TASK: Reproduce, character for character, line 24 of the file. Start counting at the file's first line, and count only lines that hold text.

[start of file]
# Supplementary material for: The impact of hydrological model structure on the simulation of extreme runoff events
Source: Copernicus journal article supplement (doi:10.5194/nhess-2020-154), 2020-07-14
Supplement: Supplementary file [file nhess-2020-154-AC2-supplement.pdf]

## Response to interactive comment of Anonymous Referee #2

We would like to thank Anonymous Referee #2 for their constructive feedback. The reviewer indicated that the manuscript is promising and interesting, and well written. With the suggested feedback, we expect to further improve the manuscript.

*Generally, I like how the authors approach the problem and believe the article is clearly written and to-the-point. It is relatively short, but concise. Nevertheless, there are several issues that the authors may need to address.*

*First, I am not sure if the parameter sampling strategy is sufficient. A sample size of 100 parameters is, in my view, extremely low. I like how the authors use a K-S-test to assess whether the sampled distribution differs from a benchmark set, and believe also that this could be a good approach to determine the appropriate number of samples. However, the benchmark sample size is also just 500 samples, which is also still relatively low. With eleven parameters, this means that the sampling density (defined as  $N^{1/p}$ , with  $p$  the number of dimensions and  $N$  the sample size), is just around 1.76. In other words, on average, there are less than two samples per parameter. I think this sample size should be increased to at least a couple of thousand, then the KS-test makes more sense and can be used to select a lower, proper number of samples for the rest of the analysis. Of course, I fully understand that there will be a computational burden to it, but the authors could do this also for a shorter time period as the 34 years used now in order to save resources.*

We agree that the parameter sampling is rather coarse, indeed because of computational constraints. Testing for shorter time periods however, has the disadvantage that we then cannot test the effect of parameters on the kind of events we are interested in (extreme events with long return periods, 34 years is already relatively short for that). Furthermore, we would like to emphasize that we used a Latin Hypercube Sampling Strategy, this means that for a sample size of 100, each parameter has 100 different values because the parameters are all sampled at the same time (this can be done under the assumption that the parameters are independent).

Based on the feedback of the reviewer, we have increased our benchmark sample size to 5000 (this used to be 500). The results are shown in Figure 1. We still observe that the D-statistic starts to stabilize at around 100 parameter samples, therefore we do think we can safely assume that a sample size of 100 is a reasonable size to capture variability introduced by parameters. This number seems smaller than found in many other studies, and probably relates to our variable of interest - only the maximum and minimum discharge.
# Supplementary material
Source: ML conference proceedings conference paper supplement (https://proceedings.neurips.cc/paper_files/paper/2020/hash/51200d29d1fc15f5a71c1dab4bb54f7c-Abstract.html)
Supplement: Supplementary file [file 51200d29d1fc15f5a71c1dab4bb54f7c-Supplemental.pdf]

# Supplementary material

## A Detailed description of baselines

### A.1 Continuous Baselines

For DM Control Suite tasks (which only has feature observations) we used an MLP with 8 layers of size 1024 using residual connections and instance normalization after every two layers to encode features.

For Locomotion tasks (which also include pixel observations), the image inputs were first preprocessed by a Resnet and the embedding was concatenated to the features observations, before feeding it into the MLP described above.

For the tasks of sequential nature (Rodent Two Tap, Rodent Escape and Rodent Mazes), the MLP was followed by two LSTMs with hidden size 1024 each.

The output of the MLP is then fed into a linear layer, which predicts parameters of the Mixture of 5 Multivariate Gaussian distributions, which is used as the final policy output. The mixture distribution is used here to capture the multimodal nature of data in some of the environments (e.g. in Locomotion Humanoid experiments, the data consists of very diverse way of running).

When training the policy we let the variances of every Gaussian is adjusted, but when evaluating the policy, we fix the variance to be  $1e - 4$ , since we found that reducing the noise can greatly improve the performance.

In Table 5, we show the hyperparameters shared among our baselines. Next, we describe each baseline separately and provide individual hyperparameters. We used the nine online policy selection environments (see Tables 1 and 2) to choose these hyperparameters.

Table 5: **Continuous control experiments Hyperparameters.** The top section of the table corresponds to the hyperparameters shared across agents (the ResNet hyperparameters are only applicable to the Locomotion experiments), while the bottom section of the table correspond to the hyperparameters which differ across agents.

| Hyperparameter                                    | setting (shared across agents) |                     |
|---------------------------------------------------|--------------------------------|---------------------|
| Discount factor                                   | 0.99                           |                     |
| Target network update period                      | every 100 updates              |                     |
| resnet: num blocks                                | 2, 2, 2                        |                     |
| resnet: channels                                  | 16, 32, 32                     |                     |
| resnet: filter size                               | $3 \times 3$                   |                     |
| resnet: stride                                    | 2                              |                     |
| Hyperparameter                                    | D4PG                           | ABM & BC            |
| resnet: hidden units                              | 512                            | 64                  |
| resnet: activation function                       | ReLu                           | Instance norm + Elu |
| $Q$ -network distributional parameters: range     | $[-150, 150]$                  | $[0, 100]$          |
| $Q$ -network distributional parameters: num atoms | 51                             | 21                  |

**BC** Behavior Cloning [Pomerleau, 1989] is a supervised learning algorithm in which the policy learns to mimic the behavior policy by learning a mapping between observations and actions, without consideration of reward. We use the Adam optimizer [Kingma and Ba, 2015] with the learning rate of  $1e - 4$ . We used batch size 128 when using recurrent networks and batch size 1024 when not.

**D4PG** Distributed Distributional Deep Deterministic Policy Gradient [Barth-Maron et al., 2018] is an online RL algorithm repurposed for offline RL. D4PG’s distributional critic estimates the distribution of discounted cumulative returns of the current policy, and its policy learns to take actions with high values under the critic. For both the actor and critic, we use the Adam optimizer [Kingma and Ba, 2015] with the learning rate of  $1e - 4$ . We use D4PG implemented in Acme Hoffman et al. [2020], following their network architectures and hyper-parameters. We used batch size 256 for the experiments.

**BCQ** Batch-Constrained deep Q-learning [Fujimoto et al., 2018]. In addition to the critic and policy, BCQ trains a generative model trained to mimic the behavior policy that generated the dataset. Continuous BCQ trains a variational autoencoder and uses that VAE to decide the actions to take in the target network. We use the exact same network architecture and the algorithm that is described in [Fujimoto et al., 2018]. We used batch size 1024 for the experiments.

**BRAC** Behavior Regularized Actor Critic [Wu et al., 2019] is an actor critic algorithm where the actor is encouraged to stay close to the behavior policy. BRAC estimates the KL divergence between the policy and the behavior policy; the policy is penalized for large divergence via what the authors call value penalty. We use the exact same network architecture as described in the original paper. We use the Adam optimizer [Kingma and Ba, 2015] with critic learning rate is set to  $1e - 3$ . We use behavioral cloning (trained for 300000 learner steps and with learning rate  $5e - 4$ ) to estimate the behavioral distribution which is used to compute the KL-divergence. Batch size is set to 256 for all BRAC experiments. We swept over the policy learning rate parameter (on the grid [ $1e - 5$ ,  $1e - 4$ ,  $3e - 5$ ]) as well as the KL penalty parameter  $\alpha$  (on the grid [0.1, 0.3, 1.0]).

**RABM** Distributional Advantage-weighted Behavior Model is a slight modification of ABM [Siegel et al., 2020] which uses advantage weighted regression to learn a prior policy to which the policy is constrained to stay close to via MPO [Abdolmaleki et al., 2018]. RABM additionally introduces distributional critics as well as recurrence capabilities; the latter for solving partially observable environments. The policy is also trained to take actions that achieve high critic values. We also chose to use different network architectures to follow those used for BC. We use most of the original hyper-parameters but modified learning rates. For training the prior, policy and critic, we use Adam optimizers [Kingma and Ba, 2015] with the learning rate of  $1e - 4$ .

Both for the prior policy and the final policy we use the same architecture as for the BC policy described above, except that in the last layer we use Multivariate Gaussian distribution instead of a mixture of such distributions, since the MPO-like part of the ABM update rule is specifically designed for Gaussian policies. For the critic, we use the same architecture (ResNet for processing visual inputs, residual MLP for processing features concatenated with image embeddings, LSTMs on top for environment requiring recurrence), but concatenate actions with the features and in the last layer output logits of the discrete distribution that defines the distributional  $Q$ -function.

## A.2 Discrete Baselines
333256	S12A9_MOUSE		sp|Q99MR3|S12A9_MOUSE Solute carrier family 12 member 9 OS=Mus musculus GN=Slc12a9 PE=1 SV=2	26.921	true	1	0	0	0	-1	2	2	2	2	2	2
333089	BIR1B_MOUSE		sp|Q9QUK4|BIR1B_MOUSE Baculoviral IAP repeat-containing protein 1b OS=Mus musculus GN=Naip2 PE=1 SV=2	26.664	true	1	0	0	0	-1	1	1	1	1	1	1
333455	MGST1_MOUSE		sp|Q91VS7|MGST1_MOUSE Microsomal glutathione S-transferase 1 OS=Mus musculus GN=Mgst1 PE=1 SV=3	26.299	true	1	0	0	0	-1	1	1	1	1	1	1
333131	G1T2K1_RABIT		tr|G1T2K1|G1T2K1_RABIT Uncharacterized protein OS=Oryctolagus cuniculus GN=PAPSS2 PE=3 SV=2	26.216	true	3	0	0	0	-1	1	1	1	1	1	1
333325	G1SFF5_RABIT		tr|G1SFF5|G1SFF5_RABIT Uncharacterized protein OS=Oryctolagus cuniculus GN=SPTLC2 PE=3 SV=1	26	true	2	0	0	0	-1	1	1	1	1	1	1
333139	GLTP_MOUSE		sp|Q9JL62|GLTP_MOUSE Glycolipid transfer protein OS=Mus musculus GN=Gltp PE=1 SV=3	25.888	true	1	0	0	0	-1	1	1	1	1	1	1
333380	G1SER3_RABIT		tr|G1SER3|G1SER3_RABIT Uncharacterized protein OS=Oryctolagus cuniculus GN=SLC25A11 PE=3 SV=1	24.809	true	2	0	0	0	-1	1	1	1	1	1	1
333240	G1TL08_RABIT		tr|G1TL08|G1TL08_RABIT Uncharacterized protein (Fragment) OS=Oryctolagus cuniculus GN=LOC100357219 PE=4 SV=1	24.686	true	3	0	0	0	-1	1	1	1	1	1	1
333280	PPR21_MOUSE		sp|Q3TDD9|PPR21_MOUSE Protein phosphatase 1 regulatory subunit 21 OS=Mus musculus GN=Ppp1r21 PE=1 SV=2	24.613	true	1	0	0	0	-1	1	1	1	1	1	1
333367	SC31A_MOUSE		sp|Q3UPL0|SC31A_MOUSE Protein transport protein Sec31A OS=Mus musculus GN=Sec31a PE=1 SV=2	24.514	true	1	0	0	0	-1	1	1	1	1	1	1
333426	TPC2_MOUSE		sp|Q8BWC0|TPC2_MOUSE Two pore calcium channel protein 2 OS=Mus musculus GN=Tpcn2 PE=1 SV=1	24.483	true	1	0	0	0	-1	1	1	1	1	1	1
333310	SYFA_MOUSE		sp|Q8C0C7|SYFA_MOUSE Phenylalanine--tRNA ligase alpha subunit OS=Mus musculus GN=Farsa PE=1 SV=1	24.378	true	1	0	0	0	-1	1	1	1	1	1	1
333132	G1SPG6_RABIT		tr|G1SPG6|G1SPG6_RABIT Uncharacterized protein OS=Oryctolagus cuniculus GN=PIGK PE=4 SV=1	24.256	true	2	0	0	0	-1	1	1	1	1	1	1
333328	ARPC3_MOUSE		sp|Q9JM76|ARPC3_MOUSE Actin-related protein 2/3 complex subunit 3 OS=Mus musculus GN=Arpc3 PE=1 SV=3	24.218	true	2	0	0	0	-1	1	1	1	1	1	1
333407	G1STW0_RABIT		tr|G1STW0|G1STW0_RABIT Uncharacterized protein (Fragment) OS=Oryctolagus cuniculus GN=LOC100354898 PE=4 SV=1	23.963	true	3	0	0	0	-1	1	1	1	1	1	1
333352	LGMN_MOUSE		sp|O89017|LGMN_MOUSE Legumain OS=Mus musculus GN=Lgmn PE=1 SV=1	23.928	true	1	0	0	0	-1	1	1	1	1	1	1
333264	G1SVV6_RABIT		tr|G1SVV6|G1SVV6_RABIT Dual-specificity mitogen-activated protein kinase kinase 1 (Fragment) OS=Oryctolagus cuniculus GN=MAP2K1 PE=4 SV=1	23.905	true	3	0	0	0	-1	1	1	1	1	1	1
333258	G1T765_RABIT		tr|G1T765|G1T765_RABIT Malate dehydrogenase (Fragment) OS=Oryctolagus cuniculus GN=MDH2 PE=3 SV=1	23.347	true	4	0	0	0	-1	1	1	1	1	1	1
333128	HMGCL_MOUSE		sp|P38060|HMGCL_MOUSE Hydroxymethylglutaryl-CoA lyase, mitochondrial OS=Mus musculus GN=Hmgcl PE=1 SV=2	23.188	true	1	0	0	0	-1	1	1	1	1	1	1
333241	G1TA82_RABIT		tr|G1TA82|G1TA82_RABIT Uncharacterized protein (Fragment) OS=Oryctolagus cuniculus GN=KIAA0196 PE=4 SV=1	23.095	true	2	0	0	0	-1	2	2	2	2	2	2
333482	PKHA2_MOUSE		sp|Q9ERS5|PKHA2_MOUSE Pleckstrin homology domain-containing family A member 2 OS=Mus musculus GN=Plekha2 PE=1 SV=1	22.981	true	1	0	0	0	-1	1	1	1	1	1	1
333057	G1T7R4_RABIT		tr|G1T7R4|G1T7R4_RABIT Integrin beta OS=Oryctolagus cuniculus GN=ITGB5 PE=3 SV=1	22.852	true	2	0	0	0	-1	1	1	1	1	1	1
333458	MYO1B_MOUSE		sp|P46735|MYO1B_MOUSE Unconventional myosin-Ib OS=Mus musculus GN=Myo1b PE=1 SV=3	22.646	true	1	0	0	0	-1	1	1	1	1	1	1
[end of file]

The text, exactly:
|---------------------------------------------------|--------------------------------|---------------------|